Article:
This website aims to tell you nearly everything you need (and may ever want) to know about convergent evolution. It allows you to explore the way that similar adaptive solutions have repeatedly evolved from unrelated starting points on the tree of life, as though following a metaphorical ‘map’.

We have identified hundreds of examples of convergence, so if you want to learn about convergence in sex (e.g. love-darts), eyes (e.g. camera-eyes in jellyfish), agriculture (e.g. in ants) or gliding (e.g. in lizards and mammals) then this is your best port of call.

Follow the Map of Life on Twitter, Facebook or visit our Blog for fresh updates on the incredible world of convergent evolution.

A note to all book-lovers out there: many of the examples of convergence mentioned in the Map of Life can be found in Simon Conway Morris’s latest book, The Runes of Evolution.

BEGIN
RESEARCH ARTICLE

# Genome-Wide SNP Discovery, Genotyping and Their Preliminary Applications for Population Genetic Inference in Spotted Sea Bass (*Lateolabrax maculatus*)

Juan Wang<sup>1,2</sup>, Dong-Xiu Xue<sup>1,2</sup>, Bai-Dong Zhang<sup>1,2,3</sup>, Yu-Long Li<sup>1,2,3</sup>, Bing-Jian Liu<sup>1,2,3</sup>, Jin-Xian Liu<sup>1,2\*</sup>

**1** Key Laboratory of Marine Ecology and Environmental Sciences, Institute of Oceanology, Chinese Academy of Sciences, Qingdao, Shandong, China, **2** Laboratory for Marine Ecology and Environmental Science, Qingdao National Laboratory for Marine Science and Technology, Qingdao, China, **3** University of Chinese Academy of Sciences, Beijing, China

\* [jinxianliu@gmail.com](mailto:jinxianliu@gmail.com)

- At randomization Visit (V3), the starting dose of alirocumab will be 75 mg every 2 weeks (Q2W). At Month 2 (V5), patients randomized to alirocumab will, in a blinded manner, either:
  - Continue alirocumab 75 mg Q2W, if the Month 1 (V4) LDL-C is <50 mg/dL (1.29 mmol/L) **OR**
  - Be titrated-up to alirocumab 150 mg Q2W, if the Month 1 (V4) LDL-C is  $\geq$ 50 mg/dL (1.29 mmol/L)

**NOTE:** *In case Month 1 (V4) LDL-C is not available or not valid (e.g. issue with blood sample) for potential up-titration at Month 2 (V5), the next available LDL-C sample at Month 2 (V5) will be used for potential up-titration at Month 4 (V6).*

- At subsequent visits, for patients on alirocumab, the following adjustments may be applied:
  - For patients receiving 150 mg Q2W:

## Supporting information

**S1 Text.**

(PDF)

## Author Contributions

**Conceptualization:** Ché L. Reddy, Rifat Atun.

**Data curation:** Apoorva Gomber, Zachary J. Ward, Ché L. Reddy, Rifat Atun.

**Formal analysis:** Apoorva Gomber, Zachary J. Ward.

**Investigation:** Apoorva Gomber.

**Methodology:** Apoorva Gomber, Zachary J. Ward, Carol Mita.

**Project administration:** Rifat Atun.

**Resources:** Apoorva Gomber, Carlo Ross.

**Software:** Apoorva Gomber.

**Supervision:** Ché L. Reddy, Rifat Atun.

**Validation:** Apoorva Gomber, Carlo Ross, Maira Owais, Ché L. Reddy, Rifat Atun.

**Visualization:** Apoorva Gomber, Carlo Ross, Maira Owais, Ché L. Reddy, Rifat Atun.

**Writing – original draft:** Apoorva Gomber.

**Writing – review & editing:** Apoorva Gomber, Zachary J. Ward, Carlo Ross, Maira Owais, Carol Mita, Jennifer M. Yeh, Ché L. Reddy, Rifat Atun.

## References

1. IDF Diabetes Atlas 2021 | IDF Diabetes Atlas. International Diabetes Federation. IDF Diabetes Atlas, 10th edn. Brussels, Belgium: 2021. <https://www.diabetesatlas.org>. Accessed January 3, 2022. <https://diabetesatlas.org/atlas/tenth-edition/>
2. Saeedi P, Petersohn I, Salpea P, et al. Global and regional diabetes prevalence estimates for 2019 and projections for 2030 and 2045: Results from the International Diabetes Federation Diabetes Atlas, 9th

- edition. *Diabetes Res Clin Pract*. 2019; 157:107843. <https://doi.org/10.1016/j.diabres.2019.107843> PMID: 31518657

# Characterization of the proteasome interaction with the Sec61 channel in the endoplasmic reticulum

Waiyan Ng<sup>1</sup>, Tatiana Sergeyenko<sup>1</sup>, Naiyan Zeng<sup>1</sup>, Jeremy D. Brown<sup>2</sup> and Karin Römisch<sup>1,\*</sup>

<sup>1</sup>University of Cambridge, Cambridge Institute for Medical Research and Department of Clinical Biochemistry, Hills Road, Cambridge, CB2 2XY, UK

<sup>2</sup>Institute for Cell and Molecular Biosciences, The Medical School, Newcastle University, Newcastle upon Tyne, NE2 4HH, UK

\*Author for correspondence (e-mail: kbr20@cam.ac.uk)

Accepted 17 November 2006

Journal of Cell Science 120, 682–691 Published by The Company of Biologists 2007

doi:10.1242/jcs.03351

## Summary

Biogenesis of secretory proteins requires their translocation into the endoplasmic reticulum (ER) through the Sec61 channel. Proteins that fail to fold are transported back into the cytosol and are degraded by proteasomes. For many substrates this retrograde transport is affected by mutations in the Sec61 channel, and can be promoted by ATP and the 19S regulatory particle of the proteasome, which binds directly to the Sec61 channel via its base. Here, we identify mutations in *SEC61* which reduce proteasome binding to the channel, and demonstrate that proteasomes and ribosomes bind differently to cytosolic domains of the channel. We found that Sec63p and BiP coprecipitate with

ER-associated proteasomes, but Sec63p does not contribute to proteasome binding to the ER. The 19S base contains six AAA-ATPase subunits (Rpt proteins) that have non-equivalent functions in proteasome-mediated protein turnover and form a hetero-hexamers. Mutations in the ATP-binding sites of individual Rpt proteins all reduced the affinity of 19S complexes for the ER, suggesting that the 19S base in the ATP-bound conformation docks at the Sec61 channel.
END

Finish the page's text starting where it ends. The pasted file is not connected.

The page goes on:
Any of the information presented in the Map of Life may be freely reproduced, as long as it is acknowledged fully. Citation details can be found at the bottom of each Topic page.

Read more about the project…

In terms of adhesive pads we find they have a remarkably wide distribution evolving in at least four distinct groups, including members of the reptiles, amphibians, arthropods and mammals, with tentative parallels in sea urchins.

Spotlight on Research:

“Octopuses use a human-like strategy to control precise point-to-point arm movements”

G. Sumbre, G. Fiorito, T. Flash & B. Hochner 2006, Current Biology, volume 16, pages 767-772.

At first glance, nothing could be more different from a human arm than the highly flexible arms of an octopus. When this cephalopod mollusc is given a piece of food, however, the fetching arm moves in a surprisingly vertebrate-like fashion – it is reconfigured into a stiffened structure consisting of three elements that articulate via “pseudo-joints”. This paper looks into the neural mechanisms that control these highly stereotypic movements.